disturbed by new fashions and methods, or by the enterprise of
the railway and hotel companies which sell you a Saturday to
Monday of life at Folkestone as a real gentleman for two guineas,
first class fares both ways included.

How old is Roebuck? The question is important on the threshold of
a drama of ideas; for under such circumstances everything depends
on whether his adolescence belonged to the sixties or to the
eighties. He was born, as a matter of fact, in 1839, and was a
Unitarian and Free Trader from his boyhood, and an Evolutionist
from the publication of the Origin of Species. Consequently he
has always classed himself as an advanced thinker and fearlessly
outspoken reformer.

Sitting at his writing table, he has on his right the windows
giving on Portland Place. Through these, as through a proscenium,
the curious spectator may contemplate his profile as well as the
blinds will permit. On his left is the inner wall, with a stately
bookcase, and the door not quite in the middle, but somewhat
further from him. Against the wall opposite him are two busts on
pillars: one, to his left, of John Bright; the other, to his
right, of Mr Herbert Spencer. Between them hang an engraved
portrait of Richard Cobden; enlarged photographs of Martineau,
Huxley, and George Eliot; autotypes of allegories by Mr G.F.
Watts (for Roebuck believed in the fine arts with all the
earnestness of a man who does not understand them), and an
impression of Dupont's engraving of Delaroche's Beaux Artes
hemicycle, representing the great men of all ages. On the wall
behind him, above the mantelshelf, is a family portrait of
impenetrable obscurity.

A chair stands near the writing table for the convenience of
business visitors. Two other chairs are against the wall between
the busts.

A parlormaid enters with a visitor's card. Roebuck takes it, and
nods, pleased. Evidently a welcome caller.

RAMSDEN. Show him up.

The parlormaid goes out and returns with the visitor.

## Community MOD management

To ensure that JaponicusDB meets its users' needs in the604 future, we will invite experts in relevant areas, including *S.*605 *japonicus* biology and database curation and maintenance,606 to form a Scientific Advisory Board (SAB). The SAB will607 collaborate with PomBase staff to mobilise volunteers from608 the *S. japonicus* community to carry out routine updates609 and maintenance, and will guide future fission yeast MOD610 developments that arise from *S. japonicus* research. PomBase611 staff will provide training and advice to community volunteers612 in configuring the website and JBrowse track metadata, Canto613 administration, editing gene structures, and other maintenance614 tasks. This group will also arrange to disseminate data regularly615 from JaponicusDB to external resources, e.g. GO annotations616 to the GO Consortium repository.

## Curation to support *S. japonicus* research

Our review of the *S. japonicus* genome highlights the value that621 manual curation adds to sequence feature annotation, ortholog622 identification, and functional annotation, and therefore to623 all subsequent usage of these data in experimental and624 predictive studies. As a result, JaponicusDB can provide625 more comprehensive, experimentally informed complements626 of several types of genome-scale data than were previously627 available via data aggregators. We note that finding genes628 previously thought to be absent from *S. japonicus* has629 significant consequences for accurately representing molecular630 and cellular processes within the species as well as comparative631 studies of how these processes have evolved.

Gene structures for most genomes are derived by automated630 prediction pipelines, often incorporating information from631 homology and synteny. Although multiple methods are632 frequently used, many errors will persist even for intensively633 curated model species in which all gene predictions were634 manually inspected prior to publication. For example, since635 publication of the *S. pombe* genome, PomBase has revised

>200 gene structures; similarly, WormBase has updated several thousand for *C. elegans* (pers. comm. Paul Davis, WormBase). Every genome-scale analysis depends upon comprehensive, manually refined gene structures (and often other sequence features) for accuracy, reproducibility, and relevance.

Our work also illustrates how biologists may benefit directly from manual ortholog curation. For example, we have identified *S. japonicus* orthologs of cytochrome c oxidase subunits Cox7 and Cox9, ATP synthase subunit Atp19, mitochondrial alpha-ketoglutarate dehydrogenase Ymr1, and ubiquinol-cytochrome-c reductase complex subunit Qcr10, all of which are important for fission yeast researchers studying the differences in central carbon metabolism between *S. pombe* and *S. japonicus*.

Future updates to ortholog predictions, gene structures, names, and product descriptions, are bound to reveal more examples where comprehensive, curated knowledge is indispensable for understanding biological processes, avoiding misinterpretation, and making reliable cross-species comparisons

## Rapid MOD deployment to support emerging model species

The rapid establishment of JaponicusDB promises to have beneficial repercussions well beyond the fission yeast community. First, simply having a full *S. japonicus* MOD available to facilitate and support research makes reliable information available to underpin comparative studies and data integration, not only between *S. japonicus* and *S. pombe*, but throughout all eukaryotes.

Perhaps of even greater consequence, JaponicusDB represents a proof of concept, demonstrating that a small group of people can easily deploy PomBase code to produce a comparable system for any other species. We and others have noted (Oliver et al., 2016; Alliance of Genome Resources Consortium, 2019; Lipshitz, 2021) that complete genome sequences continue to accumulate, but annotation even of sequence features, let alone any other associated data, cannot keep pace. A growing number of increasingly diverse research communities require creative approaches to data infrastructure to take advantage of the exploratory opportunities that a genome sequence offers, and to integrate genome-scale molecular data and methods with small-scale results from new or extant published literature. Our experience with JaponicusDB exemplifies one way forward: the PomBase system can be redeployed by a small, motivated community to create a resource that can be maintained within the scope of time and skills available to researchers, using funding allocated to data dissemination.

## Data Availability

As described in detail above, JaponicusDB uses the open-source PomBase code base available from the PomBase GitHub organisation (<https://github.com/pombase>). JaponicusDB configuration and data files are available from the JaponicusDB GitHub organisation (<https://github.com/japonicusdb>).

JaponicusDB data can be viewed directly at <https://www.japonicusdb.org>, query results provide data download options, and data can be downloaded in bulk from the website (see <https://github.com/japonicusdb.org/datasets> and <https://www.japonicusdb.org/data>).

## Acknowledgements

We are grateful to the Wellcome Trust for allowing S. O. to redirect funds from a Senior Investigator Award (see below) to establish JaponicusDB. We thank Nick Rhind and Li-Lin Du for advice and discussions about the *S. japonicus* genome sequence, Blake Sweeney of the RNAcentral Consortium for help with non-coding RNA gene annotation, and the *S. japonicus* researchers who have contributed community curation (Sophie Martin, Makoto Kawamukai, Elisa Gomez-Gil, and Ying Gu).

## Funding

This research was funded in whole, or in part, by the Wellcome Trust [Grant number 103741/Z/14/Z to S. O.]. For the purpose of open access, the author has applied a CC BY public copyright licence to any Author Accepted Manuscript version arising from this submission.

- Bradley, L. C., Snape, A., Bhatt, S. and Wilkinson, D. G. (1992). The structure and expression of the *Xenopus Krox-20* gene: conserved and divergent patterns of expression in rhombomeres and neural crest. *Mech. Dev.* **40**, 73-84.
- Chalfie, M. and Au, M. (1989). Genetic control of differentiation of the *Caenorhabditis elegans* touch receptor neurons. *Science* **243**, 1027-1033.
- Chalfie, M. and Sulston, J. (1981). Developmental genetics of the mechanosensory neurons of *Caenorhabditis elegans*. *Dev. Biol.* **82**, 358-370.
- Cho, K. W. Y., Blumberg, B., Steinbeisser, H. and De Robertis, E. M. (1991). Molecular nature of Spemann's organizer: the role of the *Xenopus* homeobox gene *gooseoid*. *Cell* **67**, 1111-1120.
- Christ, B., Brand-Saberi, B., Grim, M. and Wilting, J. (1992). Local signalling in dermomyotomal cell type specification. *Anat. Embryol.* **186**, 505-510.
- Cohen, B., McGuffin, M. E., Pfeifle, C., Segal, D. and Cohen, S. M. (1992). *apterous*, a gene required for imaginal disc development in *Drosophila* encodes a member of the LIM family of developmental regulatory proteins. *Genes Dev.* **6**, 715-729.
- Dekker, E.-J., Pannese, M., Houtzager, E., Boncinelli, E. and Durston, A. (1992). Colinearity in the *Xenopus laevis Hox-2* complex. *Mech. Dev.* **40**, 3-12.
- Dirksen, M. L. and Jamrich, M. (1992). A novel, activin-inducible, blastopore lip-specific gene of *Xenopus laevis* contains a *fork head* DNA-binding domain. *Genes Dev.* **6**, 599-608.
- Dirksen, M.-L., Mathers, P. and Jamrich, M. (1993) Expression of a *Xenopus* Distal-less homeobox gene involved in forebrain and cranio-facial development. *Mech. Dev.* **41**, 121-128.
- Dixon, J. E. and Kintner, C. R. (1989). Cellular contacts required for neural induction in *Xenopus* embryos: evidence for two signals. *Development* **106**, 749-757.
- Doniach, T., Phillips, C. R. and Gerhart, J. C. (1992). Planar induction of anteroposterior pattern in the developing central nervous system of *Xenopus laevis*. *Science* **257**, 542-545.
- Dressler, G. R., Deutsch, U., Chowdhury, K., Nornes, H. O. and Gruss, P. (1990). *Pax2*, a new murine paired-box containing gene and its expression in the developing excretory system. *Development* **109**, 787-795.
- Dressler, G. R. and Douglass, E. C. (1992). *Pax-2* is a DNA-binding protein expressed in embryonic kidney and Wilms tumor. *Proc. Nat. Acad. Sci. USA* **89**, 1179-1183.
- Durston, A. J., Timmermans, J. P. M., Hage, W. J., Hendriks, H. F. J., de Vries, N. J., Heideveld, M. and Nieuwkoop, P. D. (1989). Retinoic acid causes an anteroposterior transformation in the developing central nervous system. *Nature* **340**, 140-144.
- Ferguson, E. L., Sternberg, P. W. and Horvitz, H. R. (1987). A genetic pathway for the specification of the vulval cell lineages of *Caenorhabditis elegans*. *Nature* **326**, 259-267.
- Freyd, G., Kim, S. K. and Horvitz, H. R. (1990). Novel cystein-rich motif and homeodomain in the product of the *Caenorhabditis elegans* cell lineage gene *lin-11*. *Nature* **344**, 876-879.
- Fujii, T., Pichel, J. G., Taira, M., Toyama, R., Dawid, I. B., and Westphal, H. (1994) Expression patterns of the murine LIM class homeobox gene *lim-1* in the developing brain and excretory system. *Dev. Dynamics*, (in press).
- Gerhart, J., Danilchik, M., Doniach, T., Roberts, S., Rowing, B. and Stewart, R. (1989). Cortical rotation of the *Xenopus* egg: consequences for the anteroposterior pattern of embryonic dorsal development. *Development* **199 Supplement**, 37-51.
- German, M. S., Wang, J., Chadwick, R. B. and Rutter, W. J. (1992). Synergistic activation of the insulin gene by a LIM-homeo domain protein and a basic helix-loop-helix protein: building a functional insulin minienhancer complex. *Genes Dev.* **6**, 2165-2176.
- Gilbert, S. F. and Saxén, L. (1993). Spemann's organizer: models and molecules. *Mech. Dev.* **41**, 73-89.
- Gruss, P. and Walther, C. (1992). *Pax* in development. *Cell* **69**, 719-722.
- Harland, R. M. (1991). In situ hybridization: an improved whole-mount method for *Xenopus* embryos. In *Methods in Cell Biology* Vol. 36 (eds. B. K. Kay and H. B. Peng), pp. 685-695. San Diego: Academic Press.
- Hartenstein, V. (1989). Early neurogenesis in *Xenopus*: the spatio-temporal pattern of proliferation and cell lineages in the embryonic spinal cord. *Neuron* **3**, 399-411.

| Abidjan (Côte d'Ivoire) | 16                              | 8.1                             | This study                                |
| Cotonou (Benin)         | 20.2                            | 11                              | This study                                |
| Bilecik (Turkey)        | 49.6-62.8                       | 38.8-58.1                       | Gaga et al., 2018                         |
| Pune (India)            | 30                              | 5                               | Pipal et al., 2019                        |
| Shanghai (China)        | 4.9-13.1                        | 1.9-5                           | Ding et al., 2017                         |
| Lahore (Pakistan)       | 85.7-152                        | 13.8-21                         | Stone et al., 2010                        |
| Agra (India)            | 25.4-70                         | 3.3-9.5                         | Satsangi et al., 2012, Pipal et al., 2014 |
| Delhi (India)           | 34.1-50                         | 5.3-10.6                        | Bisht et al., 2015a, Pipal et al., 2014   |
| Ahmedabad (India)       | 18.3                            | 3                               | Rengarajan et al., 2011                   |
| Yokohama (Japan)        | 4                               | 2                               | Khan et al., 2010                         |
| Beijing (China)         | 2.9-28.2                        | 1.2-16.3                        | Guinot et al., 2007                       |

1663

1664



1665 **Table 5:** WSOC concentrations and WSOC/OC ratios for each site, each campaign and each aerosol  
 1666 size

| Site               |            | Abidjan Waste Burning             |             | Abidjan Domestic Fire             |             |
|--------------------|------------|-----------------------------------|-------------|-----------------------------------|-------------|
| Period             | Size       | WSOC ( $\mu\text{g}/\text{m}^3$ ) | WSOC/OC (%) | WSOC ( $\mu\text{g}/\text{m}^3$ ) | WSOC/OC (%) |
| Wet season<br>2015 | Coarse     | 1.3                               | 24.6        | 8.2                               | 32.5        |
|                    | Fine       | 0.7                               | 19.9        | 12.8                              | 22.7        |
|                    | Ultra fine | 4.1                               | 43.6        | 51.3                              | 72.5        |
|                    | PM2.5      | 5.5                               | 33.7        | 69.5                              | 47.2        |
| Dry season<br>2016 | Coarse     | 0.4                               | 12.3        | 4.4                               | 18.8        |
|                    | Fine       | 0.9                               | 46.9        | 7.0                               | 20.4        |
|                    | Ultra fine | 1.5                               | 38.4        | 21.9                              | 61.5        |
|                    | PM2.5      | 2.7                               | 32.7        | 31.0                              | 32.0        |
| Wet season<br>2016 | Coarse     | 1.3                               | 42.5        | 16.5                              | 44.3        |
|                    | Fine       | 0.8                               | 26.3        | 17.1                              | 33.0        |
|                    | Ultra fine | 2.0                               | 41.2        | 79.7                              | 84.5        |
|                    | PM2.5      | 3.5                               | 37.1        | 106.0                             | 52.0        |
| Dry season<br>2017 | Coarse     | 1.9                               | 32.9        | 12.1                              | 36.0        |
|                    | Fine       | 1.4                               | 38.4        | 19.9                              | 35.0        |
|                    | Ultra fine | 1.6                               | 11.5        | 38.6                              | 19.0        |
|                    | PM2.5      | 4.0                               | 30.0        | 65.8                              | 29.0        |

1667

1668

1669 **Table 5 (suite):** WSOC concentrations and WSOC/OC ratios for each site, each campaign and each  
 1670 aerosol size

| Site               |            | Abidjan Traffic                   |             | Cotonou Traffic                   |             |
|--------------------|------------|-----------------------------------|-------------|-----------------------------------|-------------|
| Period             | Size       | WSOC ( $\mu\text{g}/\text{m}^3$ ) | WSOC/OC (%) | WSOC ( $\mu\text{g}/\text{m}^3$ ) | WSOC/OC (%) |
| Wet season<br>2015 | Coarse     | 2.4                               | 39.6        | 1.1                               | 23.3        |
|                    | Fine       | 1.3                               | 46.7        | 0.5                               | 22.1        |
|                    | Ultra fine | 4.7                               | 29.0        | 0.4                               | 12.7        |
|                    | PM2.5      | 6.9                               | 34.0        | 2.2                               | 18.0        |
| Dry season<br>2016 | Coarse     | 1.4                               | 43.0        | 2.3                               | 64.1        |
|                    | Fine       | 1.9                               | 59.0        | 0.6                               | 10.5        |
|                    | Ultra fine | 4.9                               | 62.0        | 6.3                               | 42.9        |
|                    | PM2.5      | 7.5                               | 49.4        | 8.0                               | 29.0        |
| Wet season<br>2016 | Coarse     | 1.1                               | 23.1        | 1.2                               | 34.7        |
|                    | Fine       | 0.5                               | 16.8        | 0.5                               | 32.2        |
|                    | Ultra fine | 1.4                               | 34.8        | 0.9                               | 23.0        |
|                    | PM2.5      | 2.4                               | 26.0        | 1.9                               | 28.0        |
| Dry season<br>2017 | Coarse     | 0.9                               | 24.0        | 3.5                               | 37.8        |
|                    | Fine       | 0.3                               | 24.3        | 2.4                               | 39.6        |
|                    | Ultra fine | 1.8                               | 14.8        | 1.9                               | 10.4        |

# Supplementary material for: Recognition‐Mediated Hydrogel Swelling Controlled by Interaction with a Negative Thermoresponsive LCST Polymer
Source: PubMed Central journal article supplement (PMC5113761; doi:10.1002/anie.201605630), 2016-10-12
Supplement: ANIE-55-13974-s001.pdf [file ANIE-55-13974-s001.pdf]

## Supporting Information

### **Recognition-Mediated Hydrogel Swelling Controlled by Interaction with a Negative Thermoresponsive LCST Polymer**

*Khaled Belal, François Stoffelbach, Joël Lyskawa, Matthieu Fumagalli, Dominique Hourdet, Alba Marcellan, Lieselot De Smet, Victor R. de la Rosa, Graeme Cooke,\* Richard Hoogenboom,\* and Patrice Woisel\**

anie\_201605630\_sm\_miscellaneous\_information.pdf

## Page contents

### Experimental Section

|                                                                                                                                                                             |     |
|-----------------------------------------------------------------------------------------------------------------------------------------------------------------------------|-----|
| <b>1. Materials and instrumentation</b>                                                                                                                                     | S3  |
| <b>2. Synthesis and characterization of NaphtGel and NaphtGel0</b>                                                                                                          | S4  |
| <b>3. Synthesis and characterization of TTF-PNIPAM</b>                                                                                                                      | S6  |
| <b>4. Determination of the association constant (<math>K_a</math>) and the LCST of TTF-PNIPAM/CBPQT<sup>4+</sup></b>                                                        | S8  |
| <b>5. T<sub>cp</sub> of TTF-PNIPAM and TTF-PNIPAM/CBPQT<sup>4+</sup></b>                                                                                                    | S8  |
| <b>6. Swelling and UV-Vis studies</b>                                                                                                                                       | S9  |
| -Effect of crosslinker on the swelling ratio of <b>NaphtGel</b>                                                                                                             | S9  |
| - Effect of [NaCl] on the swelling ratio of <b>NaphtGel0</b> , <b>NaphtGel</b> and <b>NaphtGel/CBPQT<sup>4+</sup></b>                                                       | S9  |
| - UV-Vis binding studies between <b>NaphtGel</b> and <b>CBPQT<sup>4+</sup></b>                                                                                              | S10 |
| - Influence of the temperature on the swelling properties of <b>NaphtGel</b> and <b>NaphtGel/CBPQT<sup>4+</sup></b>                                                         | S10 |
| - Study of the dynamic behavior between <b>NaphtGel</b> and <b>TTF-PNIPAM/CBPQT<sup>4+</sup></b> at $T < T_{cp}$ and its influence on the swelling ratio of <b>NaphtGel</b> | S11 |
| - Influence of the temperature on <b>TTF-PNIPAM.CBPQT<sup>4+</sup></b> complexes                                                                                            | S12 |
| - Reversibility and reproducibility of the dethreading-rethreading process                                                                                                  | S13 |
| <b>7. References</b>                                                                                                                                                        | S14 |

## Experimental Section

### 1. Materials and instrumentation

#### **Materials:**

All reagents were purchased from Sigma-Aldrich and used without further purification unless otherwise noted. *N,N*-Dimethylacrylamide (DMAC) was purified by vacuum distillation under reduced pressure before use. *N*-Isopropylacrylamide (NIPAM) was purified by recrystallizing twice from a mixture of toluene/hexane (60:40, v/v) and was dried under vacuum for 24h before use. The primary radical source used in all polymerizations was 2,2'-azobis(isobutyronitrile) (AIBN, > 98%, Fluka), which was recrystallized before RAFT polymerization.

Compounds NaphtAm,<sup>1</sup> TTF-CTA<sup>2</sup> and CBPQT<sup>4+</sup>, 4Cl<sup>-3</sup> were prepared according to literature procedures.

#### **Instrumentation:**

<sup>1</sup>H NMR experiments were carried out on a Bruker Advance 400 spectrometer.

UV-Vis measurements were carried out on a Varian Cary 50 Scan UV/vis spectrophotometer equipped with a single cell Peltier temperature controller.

THE MAID. Mr Robinson.

Mr Robinson is really an uncommonly nice looking young fellow. He
must, one thinks, be the jeune premier; for it is not in reason
to suppose that a second such attractive male figure should
appear in one story. The slim shapely frame, the elegant suit of
new mourning, the small head and regular features, the pretty
little moustache, the frank clear eyes, the wholesome bloom
and the youthful complexion, the well brushed glossy hair, not
curly, but of fine texture and good dark color, the arch of good
nature in the eyebrows, the erect forehead and neatly pointed
chin, all announce the man who will love and suffer later on.
And that he will not do so without sympathy is guaranteed by an
engaging sincerity and eager modest serviceableness which stamp
him as a man of amiable nature. The moment he appears, Ramsden's
face expands into fatherly liking and welcome, an expression
which drops into one of decorous grief as the young man
approaches him with sorrow in his face as well as in his black
clothes. Ramsden seems to know the nature of the bereavement. As
the visitor advances silently to the writing table, the old man
rises and shakes his hand across it without a word: a long,
affectionate shake which tells the story of a recent sorrow
common to both.

RAMSDEN. [concluding the handshake and cheering up] Well, well,
Octavius, it's the common lot. We must all face it someday. Sit

Octavius takes the visitor's chair. Ramsden replaces himself in
his own.

OCTAVIUS. Yes: we must face it, Mr Ramsden. But I owed him a
great deal. He did everything for me that my father could have
done if he had lived.

RAMSDEN. He had no son of his own, you see.

OCTAVIUS. But he had daughters; and yet he was as good to my
sister as to me. And his death was so sudden! I always intended